- Cisco AnyConnect – I don’t really like client VPNs in general but the Cisco AnyConnect VPN works really well. If set up correctly on the server side, it can be really solid and never drops off. Only problem with client VPN software like this is you can only log onto one client at a time which is pretty badly limiting when you have multiple accounts to maintain.
- GlobalProtect (by Palo Alto Networks) – This one seems to be okay but somewhat finicky. For some reason I can’t connect to it using my Wi-Fi and I have to be hardwired to get it to work. Although I’m confident this is just an issue on my side, I haven’t had that problem with others software so … And again, having to install a local client prevents me from logging into other client’s which is a negative.
- SecureLink – This thing has wasted so much of my time over the years. I hate it for so many reasons. For one it’s Java based and super confusing and picky. I can only get it to work from Internet Explorer and even then I can’t seem to control the resolution of the RDP session or the login credentials leading to several issues. I give this one 2 of 5 stars.
- F5 Networks SSL VPN – This is a pretty good way to go and it seems to work well until it doesn’t. But overall no issues. Really nice because there’s nothing to install client side and it’s SSL only which leaves me intact to work on other stuff.
- Juniper Networks SSL VPN – Another relatively nice VPN application that allows me to log in and get work done relatively quickly but the fact that it requires a local install and several versions makes it difficult to work with and get right. But overall it works well so I’m giving it 3 stars.
- Security – This is a touchy subject. Most companies these days would rather err on the side of caution and throw money into a proverbial furnace rather than open up security any wider than the minimum allowable to let you get your work done. That’s all fine and good until it starts to be wasteful. Case in point, the ability to do ftp. One of the first things we typically have to do as a part of an install of Lawson is download a few GB of software. Well, most of the sites we download from use FTP as their transfer protocol. If the customer has the ftp port completely shut off then we have to download several GB into a local machine first, and then upload it to the server over a super slow VPN connection. What should take an hour can now take days to complete. This is just one example of security measures that don’t make much sense. FTP on its face is no more unsecure than HTTP but security consultants are quick to recommend the port be blocked. Mind you, we’re not talking about transferring sensitive information, this is just software downloads. In my experience, unnecessary security measures can hinder progress and efficiency by as much as 30-40% depending on the project and the restrictions.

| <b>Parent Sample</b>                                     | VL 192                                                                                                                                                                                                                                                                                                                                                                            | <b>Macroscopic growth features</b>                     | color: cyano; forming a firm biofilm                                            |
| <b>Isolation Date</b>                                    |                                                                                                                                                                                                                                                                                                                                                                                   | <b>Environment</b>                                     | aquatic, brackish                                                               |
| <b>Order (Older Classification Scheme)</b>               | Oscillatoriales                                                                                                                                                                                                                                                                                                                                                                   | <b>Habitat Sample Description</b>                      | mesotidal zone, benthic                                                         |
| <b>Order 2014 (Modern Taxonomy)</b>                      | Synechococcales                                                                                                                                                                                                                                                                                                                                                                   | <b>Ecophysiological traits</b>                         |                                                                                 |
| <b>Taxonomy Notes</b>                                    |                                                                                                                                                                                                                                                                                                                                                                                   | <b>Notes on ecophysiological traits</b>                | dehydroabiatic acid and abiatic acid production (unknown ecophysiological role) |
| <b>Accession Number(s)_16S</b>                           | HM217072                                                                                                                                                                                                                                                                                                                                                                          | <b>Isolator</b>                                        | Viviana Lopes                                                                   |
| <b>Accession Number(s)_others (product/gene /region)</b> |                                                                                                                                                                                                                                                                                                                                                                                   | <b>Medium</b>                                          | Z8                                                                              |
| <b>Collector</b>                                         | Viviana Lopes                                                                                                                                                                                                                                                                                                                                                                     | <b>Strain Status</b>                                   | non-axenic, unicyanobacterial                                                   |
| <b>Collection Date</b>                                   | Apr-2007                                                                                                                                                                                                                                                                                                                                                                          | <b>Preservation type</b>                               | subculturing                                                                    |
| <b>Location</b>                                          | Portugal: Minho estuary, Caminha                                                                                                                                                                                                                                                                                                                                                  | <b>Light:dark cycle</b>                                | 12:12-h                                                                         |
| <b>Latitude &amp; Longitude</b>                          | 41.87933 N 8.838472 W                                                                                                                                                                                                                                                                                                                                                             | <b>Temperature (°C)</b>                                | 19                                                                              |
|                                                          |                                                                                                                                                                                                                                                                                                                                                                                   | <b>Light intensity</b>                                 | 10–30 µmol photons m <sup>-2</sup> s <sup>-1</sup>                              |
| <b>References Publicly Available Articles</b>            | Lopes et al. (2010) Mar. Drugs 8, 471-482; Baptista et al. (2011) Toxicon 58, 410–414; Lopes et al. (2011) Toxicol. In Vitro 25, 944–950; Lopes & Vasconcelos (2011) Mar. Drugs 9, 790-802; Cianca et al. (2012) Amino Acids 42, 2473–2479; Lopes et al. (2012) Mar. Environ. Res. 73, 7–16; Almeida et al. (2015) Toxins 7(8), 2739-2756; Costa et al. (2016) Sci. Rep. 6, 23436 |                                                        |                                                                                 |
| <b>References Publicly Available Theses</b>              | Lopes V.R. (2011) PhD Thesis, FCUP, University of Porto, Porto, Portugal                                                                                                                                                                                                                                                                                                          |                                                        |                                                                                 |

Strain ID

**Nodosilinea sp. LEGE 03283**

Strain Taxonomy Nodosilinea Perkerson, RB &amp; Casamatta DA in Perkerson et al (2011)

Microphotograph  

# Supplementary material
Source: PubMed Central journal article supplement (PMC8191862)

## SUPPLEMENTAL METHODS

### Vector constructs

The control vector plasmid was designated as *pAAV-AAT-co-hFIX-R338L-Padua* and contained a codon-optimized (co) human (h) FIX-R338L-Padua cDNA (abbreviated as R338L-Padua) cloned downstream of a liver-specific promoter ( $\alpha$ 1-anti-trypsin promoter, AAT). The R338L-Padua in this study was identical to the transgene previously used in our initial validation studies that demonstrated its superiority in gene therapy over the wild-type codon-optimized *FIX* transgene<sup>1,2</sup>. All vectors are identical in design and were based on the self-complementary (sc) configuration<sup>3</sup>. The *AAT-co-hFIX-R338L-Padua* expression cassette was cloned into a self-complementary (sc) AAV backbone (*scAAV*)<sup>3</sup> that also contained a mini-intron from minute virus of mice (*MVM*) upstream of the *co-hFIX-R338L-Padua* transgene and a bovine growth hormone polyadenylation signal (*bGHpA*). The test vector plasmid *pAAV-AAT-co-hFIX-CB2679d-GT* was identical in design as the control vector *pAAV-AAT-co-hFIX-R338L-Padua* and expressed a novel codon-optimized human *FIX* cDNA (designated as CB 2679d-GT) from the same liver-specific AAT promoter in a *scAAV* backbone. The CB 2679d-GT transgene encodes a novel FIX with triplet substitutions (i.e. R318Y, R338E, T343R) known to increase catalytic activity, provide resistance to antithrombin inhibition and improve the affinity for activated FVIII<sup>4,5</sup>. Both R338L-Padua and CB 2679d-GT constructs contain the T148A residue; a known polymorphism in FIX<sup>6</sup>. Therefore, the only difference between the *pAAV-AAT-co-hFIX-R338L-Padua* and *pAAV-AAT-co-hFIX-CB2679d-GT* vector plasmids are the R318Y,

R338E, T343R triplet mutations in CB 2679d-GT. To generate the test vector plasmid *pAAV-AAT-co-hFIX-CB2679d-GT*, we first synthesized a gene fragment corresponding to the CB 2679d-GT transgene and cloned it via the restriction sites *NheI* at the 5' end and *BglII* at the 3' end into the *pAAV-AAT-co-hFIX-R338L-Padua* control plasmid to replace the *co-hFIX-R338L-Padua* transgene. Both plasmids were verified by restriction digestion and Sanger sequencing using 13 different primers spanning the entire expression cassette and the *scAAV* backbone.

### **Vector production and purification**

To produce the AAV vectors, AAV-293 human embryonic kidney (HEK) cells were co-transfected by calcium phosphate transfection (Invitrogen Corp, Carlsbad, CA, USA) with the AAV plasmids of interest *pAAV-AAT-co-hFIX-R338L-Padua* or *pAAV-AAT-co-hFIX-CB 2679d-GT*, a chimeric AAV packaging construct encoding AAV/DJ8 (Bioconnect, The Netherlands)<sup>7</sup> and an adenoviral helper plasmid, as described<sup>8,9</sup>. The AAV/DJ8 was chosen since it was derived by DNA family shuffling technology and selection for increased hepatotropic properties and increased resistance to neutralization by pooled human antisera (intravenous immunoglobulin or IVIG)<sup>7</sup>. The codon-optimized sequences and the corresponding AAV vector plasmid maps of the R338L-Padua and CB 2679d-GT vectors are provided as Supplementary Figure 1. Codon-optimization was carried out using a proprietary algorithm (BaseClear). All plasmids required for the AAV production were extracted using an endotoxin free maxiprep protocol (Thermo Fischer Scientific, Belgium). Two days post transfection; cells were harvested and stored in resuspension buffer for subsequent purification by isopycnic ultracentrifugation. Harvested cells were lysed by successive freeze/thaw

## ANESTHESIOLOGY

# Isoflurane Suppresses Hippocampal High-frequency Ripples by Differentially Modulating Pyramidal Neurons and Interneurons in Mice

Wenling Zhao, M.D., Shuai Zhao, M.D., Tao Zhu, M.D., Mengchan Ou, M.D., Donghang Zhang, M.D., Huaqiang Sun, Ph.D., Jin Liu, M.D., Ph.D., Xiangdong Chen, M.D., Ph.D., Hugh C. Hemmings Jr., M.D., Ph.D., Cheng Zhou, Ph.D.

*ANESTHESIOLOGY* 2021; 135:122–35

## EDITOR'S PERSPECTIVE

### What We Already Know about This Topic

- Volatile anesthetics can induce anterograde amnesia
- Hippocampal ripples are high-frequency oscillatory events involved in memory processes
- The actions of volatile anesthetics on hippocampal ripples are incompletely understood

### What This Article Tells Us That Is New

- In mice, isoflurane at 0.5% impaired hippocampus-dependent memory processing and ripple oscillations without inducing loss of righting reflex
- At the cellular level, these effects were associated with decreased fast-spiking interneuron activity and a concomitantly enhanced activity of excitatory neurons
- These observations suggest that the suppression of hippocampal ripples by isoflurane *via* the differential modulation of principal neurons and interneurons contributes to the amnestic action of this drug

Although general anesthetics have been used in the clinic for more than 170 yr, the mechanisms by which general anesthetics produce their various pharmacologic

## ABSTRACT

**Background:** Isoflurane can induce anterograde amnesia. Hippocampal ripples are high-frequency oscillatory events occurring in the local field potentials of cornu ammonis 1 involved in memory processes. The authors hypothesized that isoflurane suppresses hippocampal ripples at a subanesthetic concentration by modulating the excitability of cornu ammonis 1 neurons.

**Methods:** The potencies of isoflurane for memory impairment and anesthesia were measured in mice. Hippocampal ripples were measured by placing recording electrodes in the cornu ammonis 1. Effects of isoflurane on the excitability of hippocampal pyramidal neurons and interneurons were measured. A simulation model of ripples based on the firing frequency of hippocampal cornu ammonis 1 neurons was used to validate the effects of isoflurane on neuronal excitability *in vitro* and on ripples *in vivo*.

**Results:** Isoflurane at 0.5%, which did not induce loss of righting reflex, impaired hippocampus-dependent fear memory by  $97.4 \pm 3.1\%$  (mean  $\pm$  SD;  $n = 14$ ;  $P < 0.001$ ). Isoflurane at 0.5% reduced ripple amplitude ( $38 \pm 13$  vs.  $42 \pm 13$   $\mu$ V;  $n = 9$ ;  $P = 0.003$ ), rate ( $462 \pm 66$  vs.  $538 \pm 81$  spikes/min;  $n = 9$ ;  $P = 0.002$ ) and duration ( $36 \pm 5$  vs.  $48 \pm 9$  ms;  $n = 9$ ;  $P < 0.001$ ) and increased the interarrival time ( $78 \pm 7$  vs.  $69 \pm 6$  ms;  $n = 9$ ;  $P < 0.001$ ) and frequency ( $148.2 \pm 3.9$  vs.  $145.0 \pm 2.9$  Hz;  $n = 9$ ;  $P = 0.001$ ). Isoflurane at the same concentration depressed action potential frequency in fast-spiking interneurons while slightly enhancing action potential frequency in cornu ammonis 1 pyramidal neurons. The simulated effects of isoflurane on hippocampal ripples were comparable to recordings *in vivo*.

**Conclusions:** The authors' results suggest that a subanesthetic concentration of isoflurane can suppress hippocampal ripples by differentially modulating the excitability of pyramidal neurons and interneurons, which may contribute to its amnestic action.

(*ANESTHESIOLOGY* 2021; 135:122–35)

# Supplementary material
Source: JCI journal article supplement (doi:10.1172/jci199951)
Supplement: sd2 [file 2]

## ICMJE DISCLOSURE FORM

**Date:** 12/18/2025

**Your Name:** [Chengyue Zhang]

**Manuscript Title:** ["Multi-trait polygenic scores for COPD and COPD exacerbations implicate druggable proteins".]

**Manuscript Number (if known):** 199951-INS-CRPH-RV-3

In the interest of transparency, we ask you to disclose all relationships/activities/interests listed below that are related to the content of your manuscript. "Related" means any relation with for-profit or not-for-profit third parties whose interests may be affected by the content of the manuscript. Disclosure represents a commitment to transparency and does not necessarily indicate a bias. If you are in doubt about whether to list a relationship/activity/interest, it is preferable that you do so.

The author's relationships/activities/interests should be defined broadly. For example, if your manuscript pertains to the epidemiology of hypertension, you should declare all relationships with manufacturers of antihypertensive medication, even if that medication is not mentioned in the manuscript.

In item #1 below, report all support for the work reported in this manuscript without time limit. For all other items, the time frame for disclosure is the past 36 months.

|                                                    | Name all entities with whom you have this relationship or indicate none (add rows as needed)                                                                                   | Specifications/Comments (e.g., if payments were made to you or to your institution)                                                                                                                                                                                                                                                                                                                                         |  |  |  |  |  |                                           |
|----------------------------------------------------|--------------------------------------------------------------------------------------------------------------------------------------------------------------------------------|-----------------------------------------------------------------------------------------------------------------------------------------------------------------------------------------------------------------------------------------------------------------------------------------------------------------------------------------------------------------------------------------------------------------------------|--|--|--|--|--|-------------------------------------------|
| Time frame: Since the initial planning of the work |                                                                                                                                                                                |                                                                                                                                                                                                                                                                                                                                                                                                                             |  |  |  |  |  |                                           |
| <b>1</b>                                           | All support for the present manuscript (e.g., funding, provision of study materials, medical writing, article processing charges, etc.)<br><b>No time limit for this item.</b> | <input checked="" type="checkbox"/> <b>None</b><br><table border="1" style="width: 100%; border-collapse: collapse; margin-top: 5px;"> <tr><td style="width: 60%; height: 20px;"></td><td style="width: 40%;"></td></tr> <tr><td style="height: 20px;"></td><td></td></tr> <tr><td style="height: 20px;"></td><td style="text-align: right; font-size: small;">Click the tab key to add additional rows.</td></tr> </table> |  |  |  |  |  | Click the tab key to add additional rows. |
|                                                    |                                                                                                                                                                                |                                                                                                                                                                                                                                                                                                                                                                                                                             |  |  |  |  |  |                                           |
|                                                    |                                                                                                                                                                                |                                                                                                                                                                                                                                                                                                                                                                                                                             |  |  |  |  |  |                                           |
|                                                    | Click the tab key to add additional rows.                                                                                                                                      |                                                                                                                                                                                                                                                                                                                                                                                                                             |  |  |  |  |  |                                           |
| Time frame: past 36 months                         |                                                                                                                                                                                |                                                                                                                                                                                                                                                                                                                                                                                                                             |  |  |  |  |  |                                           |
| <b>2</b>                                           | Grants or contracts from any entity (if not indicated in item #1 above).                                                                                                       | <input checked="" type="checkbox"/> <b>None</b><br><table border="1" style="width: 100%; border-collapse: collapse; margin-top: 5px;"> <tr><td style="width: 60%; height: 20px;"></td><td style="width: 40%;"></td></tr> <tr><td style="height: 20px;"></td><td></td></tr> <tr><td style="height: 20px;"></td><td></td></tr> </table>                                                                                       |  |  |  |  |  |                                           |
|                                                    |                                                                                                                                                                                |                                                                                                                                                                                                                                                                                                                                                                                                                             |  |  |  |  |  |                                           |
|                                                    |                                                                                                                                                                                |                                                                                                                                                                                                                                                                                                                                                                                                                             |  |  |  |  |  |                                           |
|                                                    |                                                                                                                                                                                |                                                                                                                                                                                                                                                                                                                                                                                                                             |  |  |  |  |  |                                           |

- Project management and issue tracking software – I have spent a lot of time with every software and every methodology on the market. In the past 16+ years the best methodology for actually getting work done has turned out to be Agile Scrum. There are several dozen applications that can help with managing a project and they all work well if you use them well. But please use them well and hold everyone accountable. Invest in something like Pivotal Tracker, Asana, Trello or Jira and just stick to it and make sure everyone is using it correctly. There is no need to ask me for a status report when these tools are being used, That’s a huge waste of time that no one ever reads. Keeping track of issues, features, and bugs any other way in today’s world should be punishable by termination. We use a combination of JIRA and Trello at Nogalis depending on whether the project requires client interaction or not. We love both tools equally.